There are exceptions, though. For instance, many benchmarks show that Ryzen-based systems are able to deliver higher framerates in many games and synthetic benchmarks when they are paired with faster memory (~2666MHz or higher) than when they are paired with slower memory (2133Mhz).
Of course, this can vary from game-to-game. In some games, memory operating at higher clock speeds helps boost performance more than in it does in other games.
So, there is really no standard answer for whether or not faster memory will help you. It really depends on the types of programs you are running and the games you are playing.
Benchmarks show that in certain games and applications, Ryzen-based systems can see a performance boost when paired with faster memory than when paired with slower memory.
It is also important to note that there is a difference in price between slower RAM and faster RAM. The price difference can vary, but as a rough estimate for DDR4 prices, 2133MHz memory is typically ~10-15% less expensive than 3000MHz memory. However, depending on where you’re shopping, the difference in price between 2133MHz kits and 2666MHz kits can actually be a lot less and, in some instances, can be the same price.
So, my best advice would be, first, if you’re building a system with a Ryzen CPU and you have the budget to afford faster RAM, try and get a memory kit that has a clock speed of at least 2666hz. Again, this is not going to increase your framerate and system performance in every game and application. However, it will cover you for those games and programs where faster memory does help.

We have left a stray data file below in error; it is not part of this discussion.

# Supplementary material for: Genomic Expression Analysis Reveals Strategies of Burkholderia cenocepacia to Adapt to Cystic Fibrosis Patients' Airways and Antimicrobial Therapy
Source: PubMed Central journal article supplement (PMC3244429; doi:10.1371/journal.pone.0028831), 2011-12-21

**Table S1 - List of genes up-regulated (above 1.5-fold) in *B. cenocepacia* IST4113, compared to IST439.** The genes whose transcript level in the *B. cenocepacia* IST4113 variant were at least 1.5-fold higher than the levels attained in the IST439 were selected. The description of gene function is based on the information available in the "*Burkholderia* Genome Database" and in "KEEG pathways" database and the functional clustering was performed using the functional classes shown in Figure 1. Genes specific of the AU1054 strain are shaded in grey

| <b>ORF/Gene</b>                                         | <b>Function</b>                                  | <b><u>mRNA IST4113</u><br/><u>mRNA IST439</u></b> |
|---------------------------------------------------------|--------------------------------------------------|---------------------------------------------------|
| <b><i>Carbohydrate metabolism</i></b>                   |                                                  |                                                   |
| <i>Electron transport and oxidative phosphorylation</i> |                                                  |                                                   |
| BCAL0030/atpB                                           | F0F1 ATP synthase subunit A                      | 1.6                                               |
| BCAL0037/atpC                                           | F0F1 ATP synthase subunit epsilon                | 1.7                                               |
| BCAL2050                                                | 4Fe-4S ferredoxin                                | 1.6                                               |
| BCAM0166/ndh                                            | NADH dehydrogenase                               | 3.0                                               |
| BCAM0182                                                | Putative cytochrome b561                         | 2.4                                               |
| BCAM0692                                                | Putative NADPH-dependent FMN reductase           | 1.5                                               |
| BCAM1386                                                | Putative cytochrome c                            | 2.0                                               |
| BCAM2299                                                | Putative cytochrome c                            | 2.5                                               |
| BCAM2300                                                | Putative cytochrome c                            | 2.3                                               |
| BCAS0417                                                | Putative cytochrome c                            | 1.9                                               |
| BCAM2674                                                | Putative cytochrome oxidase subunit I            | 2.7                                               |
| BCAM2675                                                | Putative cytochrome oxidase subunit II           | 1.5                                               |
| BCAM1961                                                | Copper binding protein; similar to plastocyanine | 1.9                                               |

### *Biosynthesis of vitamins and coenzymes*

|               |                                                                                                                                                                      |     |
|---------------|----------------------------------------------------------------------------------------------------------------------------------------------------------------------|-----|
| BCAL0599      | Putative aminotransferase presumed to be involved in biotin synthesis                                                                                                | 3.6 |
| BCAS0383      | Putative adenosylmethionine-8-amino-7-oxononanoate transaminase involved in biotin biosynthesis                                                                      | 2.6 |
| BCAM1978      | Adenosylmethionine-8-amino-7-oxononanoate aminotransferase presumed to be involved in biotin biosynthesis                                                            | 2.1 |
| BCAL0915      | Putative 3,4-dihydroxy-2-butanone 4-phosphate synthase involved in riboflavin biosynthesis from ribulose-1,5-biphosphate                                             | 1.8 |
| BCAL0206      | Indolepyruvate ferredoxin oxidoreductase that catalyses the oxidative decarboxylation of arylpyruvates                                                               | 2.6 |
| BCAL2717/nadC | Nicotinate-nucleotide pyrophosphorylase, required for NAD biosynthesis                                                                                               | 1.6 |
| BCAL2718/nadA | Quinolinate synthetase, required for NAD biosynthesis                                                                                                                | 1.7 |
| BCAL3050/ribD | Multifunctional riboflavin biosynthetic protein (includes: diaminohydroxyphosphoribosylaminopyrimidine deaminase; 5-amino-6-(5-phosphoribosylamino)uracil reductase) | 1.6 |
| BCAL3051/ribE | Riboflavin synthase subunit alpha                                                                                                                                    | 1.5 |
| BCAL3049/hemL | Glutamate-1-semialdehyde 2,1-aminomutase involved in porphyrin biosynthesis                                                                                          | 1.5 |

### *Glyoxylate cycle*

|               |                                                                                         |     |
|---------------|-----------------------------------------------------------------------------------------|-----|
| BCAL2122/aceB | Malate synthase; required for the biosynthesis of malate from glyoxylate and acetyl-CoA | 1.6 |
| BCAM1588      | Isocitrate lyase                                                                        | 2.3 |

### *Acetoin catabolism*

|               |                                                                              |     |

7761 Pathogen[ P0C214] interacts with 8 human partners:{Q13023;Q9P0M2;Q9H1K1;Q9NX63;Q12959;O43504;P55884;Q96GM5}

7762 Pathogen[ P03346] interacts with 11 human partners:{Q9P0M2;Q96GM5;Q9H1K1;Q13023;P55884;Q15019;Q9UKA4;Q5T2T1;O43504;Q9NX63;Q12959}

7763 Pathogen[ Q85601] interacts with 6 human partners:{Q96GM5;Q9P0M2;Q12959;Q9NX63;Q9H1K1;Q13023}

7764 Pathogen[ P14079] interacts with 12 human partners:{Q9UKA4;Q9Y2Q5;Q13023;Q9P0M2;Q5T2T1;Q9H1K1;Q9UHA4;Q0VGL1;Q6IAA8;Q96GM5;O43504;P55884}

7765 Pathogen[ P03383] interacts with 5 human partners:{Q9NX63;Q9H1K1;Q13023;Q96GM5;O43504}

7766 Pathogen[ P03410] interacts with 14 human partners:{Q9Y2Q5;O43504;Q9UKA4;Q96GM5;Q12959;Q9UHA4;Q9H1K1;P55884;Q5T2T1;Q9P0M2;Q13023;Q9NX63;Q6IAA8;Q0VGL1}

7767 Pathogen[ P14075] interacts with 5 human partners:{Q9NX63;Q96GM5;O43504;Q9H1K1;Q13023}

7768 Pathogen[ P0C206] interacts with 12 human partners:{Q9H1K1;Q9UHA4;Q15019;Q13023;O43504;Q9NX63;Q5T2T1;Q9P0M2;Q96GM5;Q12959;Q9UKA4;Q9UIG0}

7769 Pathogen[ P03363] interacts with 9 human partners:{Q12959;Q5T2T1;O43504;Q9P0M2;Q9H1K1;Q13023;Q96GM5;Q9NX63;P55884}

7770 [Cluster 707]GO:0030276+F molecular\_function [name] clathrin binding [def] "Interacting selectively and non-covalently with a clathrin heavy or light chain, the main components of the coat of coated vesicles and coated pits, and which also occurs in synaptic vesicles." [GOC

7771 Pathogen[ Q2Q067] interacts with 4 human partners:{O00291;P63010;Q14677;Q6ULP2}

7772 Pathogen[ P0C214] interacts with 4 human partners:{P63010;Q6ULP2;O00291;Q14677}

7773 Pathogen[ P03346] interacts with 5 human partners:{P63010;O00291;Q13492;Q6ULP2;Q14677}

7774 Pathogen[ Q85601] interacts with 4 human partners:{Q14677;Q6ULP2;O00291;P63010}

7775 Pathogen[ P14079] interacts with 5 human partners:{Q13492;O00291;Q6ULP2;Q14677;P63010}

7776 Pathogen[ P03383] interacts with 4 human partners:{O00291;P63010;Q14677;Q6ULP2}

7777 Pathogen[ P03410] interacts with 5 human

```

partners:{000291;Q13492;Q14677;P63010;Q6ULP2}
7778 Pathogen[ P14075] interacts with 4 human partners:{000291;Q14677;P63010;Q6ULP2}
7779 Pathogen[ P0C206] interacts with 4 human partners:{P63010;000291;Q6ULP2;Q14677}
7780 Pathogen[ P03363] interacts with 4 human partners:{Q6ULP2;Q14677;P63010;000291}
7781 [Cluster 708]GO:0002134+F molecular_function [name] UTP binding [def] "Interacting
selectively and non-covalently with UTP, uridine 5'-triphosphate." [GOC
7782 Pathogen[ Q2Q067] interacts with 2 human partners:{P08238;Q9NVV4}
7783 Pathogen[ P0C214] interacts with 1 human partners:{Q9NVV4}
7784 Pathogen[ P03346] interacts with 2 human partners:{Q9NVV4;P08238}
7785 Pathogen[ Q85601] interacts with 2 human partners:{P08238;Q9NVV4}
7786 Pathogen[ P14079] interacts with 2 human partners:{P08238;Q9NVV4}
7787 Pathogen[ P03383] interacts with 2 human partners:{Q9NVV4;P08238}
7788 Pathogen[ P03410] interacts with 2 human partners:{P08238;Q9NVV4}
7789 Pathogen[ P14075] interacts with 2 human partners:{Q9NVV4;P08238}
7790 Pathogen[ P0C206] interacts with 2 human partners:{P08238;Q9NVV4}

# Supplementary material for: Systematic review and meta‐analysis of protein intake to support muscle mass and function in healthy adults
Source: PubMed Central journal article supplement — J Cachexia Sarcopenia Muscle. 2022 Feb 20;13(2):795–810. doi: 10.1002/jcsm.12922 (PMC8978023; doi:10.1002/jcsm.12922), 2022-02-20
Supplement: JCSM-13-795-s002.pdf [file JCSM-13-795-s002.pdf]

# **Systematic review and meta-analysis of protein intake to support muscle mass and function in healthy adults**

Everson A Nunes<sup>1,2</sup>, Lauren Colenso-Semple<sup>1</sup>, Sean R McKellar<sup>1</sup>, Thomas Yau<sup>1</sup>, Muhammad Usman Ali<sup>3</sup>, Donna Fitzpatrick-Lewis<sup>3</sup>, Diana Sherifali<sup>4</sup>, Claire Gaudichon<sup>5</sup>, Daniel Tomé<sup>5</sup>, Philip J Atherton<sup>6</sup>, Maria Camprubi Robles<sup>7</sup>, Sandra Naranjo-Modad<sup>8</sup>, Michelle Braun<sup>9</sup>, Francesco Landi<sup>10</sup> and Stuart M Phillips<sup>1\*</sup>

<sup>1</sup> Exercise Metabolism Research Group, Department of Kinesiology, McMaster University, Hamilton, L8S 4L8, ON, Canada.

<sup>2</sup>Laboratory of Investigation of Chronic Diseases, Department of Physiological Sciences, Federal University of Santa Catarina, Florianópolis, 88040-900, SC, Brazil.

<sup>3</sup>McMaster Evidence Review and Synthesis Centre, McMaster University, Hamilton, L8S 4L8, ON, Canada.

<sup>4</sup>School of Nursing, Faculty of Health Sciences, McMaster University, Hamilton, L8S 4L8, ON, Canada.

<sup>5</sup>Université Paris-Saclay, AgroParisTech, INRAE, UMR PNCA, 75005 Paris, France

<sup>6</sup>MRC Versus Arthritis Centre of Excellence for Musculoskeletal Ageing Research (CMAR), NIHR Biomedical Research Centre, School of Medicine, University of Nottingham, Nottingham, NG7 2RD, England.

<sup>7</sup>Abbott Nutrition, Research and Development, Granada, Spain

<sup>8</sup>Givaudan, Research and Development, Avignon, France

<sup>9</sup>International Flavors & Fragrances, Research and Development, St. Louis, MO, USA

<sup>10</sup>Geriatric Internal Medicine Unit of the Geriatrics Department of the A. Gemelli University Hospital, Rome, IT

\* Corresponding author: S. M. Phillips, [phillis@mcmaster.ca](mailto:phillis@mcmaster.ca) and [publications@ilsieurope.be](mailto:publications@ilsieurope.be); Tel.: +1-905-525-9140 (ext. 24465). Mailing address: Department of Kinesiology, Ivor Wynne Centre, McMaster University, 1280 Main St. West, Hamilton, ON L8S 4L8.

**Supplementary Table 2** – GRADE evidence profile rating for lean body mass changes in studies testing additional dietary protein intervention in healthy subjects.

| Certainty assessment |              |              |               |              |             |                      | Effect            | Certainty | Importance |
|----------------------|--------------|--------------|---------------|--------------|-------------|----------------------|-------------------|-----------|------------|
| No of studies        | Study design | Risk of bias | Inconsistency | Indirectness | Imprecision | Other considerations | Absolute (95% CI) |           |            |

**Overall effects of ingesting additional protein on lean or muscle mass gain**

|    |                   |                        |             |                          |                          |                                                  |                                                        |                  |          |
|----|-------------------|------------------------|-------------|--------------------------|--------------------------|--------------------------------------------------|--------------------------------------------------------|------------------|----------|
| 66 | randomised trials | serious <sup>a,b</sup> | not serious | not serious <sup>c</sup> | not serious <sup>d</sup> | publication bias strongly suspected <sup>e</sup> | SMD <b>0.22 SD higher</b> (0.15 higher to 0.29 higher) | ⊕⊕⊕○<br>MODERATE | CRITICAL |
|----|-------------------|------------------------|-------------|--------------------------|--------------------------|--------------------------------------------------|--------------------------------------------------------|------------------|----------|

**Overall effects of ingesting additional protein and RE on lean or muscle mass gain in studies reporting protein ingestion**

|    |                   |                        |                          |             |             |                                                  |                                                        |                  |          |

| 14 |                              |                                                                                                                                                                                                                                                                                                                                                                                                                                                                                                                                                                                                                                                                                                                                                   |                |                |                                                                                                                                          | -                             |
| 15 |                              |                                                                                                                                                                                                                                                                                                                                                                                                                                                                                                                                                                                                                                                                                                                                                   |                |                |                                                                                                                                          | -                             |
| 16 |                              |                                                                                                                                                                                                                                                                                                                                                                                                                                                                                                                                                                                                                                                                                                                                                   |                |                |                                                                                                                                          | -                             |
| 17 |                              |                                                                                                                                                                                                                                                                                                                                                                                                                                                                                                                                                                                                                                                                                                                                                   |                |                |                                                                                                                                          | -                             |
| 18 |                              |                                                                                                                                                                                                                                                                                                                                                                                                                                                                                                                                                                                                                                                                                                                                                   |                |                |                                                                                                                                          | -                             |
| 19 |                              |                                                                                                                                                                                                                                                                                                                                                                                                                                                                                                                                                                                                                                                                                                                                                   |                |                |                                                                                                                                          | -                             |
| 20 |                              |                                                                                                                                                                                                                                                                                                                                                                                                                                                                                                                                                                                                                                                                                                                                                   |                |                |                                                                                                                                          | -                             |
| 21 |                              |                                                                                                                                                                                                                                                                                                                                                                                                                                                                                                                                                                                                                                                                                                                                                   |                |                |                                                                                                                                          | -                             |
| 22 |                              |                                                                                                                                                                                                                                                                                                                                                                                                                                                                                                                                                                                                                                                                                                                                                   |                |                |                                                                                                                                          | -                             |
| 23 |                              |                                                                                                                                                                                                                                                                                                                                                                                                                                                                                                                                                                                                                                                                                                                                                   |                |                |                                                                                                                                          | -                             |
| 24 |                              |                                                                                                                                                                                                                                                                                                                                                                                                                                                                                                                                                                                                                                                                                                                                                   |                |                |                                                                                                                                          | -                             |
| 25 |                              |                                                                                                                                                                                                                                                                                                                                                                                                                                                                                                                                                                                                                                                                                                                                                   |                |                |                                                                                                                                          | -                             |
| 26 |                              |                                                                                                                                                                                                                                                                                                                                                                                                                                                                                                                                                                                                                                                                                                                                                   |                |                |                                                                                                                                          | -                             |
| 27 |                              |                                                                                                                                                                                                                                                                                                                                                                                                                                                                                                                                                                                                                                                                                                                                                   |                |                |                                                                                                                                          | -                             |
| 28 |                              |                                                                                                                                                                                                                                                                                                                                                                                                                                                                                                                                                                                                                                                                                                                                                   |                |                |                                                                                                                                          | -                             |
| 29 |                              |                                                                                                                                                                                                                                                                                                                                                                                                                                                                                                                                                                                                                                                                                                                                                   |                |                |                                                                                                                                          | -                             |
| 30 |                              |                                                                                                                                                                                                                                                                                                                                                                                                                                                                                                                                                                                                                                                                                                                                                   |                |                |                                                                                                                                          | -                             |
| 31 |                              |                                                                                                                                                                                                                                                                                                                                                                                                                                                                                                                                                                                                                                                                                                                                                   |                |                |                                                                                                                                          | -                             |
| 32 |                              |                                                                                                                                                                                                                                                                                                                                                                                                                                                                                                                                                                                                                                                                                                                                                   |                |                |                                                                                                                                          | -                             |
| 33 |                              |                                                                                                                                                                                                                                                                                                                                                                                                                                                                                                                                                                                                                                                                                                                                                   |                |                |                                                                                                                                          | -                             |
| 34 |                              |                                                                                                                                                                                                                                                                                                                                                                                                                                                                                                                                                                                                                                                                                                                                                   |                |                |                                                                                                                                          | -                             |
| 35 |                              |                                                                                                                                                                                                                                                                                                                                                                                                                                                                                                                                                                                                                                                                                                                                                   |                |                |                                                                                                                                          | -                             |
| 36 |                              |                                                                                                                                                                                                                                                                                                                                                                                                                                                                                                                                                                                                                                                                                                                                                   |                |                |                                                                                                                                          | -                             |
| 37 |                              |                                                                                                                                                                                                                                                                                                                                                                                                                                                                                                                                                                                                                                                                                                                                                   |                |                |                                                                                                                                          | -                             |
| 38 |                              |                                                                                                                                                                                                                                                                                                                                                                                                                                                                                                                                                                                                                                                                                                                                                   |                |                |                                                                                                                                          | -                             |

The second thing to consider is your budget. If you’re working with a tight budget and the price difference between getting a slower kit of memory and getting a faster kit of memory means that you’d have to downgrade on your CPU or GPU in order to afford that faster memory kit, then you’d be better off choosing the slower RAM so that you can get the faster CPU and GPU.
Because, ultimately, the difference in performance between a lower-tier CPU/GPU and a higher-tier CPU/GPU is greater than the difference in performance between faster memory and slower memory.
But again, depending on the memory clock rate in question, in some instances, faster memory kits are only slightly more expensive than slower memory kits (2133MHz vs 2666MHz for example.)
So, maybe the best way to phrase what you should be looking for in terms of RAM speed is to say:
For new systems, get at least a 2666MHz memory kit (DDR4) and go with faster memory if the price increase won’t affect your choices on other more important components (like your CPU and GPU.)
The Bottom Line on RAM’s Impact on Framerates
The bottom line is that memory can impact the framerates you get in a given game. However, the amount it can impact it can vary from game-to-game and scenario-to-scenario.
As a general rule of thumb, 2666MHz is probably the best starting point for DDR4 memory as it typically doesn’t cost much more than 2133MHz memory. And, 2666MHz memory offers a decent performance boost over 2133MHz memory (at least, according to benchmarks on Ryzen-based systems), but not much less of a performance difference when compared to faster memory kits.